Since that time I always tried to visit monasteries when I had the chance. Coincidentally, my work in agriculture often took me to remote places off the beaten track and I always made a point to look into the local monasteries. I had the chance to spend quite a lot of time at the St. Tikhon’s Monastery in Zadonsk, in the Lipetsk region, and I’ve been to Optina Monastery. In both of these places, by coincidence some friends had joined the monasteries as novices, and so they showed me that world from the inside, allowing us to spend time with monks, working and praying with them, and talking to them about faith and life. I suppose this is where I learned a lot about Christianity, mostly by asking questions and talking. Once on a long stay with a friend on the island of Buyukada near Istanbul I got to know the monks from Mt. Athos at the St. George monastery there, and had remarkable discussions with them. Now that you make me think about it, there have been so many of these experiences, all very rich and rewarding.
—Have you any experience with other Local Orthodox churches?
Well, not really. My family lived in Connecticut in the early 2000s and we would go to a lovely ROCOR church in Nyack. I’ve also been to several of the ROCOR churches in the New York area.
—Have you delved into the writings of the holy fathers?
—I’m afraid hardly any. Except I have read a little bit of St. John Chrysostom on marital relations, and even translated some works about this from Russian into English as a favor to a priest friend.
—Back to your popular website. Where is Russia Insider based?
—We are a global network of people, so we really have no base—we are just networked via the internet.
—Who helped you develop the website?
—The whole thing was put together by volunteers. This is truly remarkable.
—Why do you make an effort to cover Orthodox topics?
—This has little to do with my faith, actually, and more with what I see as media bias. It is completely evident to me that the mainstream media basically ignores the story of Christianity in Russia, and when they do cover it, they give it a negative spin.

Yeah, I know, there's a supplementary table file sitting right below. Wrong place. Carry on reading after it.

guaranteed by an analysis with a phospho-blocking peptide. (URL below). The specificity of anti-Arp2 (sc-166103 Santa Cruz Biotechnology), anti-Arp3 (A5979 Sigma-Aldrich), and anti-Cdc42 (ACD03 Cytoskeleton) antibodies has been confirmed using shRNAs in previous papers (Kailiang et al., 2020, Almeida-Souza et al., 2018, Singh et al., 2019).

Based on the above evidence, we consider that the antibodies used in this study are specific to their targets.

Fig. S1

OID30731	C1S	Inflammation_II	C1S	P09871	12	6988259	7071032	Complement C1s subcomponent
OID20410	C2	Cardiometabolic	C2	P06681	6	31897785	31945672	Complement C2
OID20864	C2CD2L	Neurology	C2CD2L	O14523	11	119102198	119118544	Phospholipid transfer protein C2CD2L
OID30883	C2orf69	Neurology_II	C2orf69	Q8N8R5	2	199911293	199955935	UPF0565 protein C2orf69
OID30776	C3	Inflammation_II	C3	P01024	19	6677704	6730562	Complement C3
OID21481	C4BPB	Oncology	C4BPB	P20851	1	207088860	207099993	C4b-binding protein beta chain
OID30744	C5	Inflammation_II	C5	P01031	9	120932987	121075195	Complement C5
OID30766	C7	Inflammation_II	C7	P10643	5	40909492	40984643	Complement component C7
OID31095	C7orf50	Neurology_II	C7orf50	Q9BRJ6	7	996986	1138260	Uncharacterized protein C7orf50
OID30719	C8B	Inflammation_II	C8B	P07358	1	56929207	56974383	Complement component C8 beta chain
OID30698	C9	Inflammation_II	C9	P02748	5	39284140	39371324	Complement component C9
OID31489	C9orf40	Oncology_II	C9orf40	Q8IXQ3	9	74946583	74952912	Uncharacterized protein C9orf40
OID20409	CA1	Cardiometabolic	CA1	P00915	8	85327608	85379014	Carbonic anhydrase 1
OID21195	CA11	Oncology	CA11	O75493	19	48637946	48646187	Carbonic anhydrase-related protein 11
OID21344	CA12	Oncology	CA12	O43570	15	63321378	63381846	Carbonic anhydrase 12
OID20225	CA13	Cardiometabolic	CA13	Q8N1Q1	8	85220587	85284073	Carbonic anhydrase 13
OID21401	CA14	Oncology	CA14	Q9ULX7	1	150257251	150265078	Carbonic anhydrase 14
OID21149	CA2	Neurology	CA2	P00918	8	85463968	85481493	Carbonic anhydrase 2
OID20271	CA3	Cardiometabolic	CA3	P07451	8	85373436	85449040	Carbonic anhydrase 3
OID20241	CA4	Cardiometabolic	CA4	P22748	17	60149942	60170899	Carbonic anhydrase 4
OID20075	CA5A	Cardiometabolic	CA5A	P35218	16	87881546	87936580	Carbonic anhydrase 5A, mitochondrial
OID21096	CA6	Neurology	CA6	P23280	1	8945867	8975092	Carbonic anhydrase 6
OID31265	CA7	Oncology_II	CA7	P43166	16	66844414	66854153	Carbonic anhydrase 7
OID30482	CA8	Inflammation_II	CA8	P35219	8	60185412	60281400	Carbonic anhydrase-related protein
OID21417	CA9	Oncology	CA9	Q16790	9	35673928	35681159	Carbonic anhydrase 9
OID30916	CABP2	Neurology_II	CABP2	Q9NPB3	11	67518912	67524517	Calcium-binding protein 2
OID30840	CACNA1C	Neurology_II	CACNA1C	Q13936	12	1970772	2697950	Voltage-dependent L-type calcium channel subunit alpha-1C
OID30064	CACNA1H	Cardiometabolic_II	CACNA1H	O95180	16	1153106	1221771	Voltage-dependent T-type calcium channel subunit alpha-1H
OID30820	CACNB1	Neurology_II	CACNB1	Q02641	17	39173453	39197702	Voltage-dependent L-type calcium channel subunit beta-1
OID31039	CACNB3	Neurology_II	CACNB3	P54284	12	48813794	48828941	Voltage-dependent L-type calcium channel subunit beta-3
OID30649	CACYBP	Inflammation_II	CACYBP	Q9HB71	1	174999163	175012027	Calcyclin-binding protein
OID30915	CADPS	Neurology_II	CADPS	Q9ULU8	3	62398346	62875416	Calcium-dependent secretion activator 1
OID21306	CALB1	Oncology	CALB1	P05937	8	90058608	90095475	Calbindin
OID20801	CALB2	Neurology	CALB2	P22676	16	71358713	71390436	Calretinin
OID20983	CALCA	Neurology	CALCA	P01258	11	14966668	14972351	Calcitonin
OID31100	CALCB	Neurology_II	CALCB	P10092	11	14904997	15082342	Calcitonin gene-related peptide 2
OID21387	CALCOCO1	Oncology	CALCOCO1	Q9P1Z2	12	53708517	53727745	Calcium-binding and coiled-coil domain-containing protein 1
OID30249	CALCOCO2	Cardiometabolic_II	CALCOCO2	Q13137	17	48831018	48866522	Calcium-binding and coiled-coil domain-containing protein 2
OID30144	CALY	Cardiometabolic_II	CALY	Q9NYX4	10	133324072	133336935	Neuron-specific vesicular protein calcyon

I think this is ridiculous. First of all the Christian revival in Russia is massively important and is having a huge effect on the society there. To ignore it is basically irresponsible journalism.
Furthermore, it is completely obvious to me that for the most part, it is a force for positive change in Russia. Sure, there are problems, and they need to be discussed. But to only focus on the problems is, again, hugely biased.
That is really what our site is about—exposing and countering bias in the media.
—What are some examples of misleading media coverage of Orthodoxy?
Russian Orthodoxy is portrayed in the western media with a relentlessly negative bias. I could give you dozens of examples. The church is criticized for having a close relationship with the government, violating the American principle of separation of church and state, without stopping to think that maybe this uniquely American idea isn’t really appropriate to Russia. The Russian state is, mind you, routinely demonized, and the so the Russian church must be quite sinister too, if it is working closely with it. If articles appear at all, which they rarely do, it is to focus on allegations of corruption, a badly behaved priest, or something like that. More recently, the homicidal attacks on Russian churches in Ukraine, of which there have been dozens, priests killed and tortured, churches bombed to smithereens, have been completely ignored by the mainstream media. It is really extraordinary. Russian Orthodox philanthropists like Mr. Malofeev are depicted as shady and inherently suspicious, while secular philanthropists are presented as shining examples of virtue. It goes on and on. It is really so extreme that it is almost comical, and it makes my life very easy, because it is so easy to point out the hypocrisy and bias.
—Why do you think this bias occurs?
You know, I grew up in journalistic circles, and understand that world very well, and the profession tends to attract more liberal, secular people. In the U.S., for example, if perhaps sixty percent of the population are practicing Christians, I would estimate that among journalists, that number must be less than ten percent. Then you have this recent phenomenon of what I would call “hostile atheists,” and that type of person I would guess is well-represented in journalism circles. So it’s a basic imbalance, and it really shows up when you analyze media coverage.
—Charles, we really wish you success with your website, and that you receive the all support you deserve.
Vladislav Krasnov, firstname.lastname@example.org
Greetings to Dimitry Zarechnak with whom I had a pleasure of working as interperter.